203 



241. Production and Operations Management. (4) A study of the problems of the 
operations function in organizations, their interfaces with other functional areas, and the 
methods of their solutions. Topics include process selection, forecasting, aggregate 
planning, job shop scheduling, project management, MRP inventory management, 
facilities location and design, quality planning and control. P — Business 201 . 

242. International Operations Management. (2) This course represents a relatively new 
dimension in the field of production and operations management. It is intended to 
introduce the student to the international aspects of managing manufacturing service 
operations drawing on relatively modest amount of literature — books, articles, and cases 
that have recently accumulated. The following topics will be covered: international 
exchange rates, international logistics, international facility location decisions, international 
sourcing, joint manufacturing ventures and their strategic implications and performance 
analysis of multinational production systems. P — Business 241 . 

251. Management Information Systems. (2) An introduction to the design, development 
and implementation of information systems to support the decision making processes 
and functions of the organization. An overview of management support systems and 
organizational impacts will be incorporated. The course is taught from a manager/ user 
perspective. P — Business 100. 

252. Management of Information Technology. (2) A study of information technology (IT) 
trends and relevant managerial issues. Telecommunications and network management 
issues relevant to the development of an IT infra structure will be incorporated . Information 
technology planning, implementation of IT control struc-tures and development of an IT 
strategy will be included. P — Business 100 and 251 . 

253. Advanced Topics in Information Technology. (2) An in-depth coverage of selected 
information technology topics including network management, database management 
and management of expert systems technology. Students will gain hands-on experience 
with business applications development including the development of a simple expert 
system. P— Business 100, 251, and 252. 

254. Global Information Systems Issues. (2) The course will focus on managerial and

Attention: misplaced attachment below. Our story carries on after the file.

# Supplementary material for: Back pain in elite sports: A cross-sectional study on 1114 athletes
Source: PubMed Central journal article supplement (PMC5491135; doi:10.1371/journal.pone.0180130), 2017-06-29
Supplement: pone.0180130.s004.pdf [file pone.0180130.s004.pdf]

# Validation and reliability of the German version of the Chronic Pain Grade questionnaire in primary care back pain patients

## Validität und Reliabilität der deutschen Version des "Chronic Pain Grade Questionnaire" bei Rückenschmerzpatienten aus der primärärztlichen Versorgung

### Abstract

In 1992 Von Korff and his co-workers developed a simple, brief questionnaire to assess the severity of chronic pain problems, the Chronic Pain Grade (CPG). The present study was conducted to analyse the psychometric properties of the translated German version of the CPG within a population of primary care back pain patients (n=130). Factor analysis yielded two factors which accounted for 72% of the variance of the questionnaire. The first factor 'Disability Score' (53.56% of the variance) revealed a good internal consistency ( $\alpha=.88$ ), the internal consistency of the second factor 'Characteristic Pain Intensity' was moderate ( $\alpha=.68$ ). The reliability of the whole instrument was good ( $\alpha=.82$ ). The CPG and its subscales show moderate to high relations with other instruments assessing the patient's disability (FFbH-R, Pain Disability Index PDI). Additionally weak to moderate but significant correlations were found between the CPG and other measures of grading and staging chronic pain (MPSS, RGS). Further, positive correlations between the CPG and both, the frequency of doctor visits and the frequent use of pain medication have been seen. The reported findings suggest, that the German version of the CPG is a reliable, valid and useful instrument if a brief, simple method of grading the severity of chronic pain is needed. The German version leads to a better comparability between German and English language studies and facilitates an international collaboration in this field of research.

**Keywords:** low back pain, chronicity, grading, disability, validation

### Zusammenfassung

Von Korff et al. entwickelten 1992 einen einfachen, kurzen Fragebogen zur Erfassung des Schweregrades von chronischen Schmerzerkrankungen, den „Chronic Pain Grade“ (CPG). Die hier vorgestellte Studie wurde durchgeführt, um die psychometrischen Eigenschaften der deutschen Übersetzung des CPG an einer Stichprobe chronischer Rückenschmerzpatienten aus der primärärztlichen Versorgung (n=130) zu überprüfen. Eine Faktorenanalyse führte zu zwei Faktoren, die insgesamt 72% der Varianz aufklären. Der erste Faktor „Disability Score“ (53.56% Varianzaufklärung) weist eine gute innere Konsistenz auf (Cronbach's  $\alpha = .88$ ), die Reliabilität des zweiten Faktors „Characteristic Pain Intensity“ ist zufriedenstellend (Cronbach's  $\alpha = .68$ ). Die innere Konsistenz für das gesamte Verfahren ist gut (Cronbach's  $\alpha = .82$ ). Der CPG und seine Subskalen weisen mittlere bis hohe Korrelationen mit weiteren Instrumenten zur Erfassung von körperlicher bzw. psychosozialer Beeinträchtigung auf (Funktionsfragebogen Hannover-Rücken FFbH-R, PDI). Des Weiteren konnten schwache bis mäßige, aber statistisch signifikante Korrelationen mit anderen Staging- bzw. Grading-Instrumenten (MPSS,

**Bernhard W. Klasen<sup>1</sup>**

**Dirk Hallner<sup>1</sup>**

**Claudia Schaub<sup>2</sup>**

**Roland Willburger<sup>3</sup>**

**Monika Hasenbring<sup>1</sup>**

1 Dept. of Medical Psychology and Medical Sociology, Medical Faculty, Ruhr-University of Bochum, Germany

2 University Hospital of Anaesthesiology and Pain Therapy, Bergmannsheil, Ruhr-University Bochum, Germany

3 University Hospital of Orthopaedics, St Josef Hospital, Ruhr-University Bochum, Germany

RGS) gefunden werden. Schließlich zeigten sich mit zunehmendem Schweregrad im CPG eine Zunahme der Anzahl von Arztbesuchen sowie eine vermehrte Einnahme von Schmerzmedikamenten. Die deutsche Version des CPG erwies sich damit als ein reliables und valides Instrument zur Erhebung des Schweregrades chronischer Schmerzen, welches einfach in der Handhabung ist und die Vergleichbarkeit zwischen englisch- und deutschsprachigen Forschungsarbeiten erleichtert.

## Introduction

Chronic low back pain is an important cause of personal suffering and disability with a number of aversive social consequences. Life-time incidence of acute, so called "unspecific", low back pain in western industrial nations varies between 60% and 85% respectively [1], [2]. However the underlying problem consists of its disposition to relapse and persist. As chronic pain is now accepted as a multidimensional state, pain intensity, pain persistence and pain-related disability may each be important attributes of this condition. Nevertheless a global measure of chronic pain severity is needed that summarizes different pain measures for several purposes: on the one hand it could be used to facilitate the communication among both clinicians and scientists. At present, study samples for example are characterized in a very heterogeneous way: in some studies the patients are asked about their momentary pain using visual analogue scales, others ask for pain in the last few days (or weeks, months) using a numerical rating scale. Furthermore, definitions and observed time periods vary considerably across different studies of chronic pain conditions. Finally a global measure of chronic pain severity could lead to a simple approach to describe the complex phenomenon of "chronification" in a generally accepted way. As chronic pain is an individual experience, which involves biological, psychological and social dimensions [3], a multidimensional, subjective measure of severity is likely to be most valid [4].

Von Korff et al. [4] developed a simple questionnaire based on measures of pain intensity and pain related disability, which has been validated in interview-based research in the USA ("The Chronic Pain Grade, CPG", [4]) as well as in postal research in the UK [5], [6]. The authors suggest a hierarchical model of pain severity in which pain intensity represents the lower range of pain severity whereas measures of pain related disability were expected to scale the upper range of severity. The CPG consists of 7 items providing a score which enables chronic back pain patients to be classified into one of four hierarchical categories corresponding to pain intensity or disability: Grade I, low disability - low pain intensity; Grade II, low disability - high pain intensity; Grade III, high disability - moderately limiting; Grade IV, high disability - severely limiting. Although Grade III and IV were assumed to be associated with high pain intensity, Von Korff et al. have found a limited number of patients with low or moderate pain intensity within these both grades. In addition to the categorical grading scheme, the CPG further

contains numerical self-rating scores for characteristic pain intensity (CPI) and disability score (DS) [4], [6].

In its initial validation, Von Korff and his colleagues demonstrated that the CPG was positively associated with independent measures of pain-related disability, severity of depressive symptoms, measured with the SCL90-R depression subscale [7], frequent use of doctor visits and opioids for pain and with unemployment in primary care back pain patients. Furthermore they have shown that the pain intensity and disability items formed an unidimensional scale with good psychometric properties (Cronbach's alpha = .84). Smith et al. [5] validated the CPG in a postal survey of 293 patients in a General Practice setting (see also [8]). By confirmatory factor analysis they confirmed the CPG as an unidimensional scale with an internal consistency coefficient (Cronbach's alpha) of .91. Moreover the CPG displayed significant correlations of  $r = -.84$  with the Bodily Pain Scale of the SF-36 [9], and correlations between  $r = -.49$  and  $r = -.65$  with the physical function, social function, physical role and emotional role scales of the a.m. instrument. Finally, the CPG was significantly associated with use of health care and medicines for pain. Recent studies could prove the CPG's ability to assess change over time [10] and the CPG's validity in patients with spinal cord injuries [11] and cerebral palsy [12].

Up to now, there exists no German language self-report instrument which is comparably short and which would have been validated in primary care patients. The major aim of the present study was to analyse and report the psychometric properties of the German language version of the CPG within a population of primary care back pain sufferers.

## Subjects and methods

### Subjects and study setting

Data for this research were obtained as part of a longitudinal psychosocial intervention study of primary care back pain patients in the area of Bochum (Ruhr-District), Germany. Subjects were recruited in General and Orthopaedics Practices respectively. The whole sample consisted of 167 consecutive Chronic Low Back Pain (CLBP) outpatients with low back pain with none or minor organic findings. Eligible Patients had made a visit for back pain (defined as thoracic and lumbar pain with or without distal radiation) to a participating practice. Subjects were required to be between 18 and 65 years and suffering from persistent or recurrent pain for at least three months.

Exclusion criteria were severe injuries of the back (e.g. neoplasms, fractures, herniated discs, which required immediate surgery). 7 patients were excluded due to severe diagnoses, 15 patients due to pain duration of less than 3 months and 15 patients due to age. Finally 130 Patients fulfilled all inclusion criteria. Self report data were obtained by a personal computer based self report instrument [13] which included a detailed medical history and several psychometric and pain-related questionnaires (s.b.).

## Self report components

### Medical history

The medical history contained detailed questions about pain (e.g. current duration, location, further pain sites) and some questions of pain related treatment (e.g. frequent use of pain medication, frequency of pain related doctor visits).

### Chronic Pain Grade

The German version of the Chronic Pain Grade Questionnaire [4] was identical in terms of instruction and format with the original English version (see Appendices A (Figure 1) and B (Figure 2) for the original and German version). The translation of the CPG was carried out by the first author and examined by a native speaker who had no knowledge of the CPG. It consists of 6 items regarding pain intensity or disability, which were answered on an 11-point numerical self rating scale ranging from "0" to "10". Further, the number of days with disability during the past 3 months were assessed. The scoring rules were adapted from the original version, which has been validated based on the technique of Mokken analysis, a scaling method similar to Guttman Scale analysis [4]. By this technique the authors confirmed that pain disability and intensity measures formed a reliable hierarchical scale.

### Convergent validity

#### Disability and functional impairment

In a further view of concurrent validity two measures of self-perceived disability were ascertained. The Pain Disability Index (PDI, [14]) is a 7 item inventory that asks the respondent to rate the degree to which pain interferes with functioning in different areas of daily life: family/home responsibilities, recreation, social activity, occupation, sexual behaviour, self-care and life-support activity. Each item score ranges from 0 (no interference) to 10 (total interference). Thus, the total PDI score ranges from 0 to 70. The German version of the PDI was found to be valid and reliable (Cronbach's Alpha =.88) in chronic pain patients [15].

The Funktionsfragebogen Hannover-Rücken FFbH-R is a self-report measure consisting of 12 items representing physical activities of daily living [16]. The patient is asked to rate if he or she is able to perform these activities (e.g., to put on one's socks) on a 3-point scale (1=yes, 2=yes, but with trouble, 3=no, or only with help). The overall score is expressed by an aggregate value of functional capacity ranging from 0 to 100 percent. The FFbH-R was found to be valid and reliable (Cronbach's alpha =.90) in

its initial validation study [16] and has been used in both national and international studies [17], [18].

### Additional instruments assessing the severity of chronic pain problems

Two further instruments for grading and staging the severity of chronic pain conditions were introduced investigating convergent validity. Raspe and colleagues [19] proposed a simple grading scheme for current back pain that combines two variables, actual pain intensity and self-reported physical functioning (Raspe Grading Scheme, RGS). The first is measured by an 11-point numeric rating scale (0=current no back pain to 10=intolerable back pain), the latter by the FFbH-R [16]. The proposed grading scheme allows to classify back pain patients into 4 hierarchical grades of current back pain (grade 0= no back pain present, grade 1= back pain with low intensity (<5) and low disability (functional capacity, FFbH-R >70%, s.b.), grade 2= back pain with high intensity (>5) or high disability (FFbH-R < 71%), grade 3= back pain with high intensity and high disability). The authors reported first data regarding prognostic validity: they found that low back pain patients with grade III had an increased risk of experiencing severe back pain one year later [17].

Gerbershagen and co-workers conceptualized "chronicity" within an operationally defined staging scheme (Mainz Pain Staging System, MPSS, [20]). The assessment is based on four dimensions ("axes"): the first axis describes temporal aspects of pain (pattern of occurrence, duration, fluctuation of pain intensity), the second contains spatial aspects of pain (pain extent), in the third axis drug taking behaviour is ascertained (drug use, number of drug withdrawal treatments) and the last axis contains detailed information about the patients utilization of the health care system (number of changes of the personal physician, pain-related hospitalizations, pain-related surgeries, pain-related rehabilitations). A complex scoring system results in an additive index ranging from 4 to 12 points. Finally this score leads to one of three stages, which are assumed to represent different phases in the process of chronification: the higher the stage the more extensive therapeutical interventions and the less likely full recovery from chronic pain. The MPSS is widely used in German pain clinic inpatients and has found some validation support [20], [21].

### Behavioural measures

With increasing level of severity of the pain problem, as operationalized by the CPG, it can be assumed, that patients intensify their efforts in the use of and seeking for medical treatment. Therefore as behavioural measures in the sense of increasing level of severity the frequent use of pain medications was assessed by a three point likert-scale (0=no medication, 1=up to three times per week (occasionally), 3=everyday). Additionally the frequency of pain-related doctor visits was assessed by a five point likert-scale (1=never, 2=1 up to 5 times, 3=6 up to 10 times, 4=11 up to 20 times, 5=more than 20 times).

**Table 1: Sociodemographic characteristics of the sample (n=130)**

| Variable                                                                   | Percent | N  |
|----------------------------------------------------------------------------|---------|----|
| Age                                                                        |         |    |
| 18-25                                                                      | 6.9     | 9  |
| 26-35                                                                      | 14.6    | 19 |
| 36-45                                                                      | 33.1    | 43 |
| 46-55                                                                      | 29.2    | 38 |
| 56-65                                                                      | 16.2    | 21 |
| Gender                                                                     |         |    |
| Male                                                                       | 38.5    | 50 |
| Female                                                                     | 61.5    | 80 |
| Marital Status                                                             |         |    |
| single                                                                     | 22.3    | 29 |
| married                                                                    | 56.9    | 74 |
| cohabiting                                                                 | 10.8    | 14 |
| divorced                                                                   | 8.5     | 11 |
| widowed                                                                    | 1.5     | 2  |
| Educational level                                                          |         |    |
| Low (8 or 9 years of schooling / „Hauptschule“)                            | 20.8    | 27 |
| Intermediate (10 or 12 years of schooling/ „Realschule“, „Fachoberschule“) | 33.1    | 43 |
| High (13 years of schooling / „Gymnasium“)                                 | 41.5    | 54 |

technological information systems issues from a global perspective. The role of information 
technology in a changing international business environment and the relevant cultural, 
political, legal, and economic implications for the multinational IS manager will be 
incorporated. P— Business 100, 251, and 252. 

261. Legal Environment of Business. (4) A study of the legal environment in which 
business decisions are made in profit and nonprofit organizations. Emphasis is put upon 
how the law develops and how economic, political, social, international, and ethical 
considerations influence this development. Includes substantive areas such as torts and 
government regulation of the employment relationship, the competitive marketplace and 
the environment. P — Accounting 111. 

270. Business Law. (4) A study of substantivelaw topics applicable to business transactions 
including property (personal, real, and intellectual), contracts /UCC sales, agency and 
business organizations. P — Business 261 . 



204 



271. Business Policy. (4) A study of strategic planning and implementation in business 
policy formulation . Empha sis is placed on ca se study analysis of domestic and interna tional 
business situa tions . Methods of solution include basic principles of strategic planning and 
the use of computer simulations. P — Business 211, 221, 231, and 241. 

275. Business Law for Accountants. (2) Continued study of law applicable to business 
transactions with emphasis on areas with auditing and accounting implications. P — 
Business 261, C — Business 270. 

281. Individualized Reading and Research. (2,3, or 4) Directed study in specialized areas 
of business. P — Permission of instructor.